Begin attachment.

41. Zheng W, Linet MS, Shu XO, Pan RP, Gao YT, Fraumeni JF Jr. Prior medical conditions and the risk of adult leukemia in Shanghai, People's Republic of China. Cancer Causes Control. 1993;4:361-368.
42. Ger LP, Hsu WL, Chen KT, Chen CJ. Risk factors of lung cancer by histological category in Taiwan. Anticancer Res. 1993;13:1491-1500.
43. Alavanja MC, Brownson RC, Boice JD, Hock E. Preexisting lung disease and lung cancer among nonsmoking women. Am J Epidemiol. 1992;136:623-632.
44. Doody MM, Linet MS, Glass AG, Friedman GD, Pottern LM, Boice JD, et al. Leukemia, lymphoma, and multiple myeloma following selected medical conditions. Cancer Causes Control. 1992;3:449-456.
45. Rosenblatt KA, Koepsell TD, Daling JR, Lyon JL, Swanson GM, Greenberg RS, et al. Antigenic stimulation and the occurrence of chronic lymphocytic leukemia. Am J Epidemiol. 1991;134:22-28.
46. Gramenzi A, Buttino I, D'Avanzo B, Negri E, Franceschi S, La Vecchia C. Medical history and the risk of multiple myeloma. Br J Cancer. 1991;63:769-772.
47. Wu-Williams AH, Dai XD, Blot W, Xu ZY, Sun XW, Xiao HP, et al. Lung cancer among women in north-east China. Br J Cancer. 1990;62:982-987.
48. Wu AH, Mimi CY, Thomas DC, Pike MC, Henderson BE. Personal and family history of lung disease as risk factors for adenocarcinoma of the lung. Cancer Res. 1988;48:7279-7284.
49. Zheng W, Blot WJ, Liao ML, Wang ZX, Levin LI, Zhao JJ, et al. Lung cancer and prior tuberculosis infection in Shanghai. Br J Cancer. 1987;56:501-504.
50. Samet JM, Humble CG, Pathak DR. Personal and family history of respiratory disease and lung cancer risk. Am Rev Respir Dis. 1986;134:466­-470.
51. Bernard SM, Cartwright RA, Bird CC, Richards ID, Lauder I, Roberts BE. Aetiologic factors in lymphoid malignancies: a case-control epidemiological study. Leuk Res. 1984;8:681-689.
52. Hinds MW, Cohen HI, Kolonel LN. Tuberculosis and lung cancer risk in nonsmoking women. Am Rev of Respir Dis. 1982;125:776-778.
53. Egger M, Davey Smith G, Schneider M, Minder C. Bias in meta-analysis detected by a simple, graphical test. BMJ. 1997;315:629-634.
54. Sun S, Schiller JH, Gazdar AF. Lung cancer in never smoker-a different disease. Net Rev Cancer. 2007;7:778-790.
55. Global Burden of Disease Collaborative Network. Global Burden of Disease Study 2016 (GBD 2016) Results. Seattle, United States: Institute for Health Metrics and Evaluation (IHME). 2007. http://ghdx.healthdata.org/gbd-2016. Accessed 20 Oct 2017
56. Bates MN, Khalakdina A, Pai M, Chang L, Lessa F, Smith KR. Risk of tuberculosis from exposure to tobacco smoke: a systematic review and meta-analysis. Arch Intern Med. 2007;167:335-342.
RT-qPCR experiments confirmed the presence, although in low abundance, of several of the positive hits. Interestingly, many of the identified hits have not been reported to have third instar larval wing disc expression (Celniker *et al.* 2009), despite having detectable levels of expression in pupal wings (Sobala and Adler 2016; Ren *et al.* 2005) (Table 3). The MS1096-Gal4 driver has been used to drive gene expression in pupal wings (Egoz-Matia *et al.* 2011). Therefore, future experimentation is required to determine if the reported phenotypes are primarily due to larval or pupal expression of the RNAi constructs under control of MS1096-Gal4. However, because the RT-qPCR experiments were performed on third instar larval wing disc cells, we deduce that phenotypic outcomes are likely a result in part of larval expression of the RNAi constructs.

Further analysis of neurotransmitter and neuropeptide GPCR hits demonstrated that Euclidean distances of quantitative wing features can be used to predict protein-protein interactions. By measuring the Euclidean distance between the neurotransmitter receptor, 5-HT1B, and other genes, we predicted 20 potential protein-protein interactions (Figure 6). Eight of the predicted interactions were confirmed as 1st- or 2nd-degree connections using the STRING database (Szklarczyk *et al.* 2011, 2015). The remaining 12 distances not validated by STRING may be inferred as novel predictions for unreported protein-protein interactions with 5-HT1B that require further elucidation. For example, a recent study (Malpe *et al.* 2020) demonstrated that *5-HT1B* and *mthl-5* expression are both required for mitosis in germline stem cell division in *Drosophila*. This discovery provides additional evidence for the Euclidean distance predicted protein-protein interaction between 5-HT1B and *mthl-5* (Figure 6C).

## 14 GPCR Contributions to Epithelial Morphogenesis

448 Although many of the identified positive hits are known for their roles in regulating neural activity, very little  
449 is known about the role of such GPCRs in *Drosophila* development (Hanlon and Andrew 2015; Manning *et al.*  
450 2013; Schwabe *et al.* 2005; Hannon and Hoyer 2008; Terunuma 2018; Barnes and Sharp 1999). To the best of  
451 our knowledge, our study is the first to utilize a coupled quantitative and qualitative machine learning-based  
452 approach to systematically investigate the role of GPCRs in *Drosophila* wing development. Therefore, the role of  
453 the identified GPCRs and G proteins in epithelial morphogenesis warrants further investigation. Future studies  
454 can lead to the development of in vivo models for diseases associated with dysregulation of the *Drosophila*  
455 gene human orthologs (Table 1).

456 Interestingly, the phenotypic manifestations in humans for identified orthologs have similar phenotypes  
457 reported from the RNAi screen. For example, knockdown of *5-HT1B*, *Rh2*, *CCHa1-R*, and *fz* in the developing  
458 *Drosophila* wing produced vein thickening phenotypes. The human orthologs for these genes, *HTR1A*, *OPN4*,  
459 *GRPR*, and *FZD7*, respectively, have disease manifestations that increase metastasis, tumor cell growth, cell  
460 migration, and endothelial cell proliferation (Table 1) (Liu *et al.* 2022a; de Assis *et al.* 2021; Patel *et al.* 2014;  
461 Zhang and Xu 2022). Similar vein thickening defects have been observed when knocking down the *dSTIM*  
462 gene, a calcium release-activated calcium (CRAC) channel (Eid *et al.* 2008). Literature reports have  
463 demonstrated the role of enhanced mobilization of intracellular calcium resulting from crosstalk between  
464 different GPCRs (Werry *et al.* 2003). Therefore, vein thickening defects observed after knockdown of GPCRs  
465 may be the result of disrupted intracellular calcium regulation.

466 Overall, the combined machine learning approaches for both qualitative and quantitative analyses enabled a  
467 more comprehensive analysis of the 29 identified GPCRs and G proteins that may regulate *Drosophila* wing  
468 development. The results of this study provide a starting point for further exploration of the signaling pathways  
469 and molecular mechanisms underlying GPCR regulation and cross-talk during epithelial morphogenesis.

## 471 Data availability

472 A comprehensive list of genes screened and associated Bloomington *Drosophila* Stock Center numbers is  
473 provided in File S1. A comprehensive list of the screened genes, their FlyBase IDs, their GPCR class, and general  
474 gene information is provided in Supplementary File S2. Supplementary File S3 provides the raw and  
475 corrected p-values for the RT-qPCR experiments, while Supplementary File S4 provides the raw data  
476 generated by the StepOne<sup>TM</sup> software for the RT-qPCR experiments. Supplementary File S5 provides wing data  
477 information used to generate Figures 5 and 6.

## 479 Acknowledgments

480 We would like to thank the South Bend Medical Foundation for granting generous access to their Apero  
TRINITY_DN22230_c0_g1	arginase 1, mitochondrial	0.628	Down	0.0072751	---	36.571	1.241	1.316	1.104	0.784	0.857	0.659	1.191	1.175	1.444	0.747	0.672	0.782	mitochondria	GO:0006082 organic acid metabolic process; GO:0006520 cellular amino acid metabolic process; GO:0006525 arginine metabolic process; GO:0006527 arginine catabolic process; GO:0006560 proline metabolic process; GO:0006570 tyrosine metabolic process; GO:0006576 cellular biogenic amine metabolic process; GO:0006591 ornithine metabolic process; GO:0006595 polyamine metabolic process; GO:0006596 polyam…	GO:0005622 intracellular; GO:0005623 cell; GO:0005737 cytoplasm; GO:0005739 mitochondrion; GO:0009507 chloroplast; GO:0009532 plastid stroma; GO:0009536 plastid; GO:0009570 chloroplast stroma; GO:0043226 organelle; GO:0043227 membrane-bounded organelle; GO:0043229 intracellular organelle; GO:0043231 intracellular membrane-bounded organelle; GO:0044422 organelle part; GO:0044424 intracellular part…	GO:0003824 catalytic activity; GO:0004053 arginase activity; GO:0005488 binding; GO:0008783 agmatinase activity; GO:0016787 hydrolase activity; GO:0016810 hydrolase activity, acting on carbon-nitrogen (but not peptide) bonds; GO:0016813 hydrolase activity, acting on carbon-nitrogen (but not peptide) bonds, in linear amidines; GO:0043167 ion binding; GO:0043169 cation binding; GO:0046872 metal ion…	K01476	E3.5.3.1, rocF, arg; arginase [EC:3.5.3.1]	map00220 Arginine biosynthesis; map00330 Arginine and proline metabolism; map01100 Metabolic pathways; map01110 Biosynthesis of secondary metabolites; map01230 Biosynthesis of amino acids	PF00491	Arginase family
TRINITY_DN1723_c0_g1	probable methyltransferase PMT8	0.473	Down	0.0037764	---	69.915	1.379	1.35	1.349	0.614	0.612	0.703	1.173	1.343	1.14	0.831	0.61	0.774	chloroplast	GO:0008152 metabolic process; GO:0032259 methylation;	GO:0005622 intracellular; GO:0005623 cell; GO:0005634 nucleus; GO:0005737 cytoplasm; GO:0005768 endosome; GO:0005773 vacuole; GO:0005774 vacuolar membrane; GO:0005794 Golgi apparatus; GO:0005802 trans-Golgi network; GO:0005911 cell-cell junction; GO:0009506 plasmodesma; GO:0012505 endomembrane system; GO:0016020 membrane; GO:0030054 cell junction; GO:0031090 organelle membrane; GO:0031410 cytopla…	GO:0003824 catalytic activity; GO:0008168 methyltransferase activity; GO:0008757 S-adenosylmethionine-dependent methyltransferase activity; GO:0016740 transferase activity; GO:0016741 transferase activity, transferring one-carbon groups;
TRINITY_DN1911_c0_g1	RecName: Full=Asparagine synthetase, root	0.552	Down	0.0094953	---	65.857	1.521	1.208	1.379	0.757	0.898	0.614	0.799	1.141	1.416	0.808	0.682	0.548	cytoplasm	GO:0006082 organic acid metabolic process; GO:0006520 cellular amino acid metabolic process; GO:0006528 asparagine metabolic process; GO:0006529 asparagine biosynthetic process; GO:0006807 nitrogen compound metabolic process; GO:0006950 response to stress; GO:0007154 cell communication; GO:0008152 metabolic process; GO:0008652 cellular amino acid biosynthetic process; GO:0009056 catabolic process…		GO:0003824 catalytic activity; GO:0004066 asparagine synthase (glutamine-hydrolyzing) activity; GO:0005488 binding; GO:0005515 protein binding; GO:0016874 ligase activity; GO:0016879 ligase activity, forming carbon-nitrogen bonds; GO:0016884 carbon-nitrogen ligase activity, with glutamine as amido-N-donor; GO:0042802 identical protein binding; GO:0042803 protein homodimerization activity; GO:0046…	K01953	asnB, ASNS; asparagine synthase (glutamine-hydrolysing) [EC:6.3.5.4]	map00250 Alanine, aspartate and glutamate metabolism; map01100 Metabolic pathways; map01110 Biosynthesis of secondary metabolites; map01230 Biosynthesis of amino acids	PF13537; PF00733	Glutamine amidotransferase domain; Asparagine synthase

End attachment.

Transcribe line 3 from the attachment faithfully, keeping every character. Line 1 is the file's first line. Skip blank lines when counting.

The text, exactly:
43. Alavanja MC, Brownson RC, Boice JD, Hock E. Preexisting lung disease and lung cancer among nonsmoking women. Am J Epidemiol. 1992;136:623-632.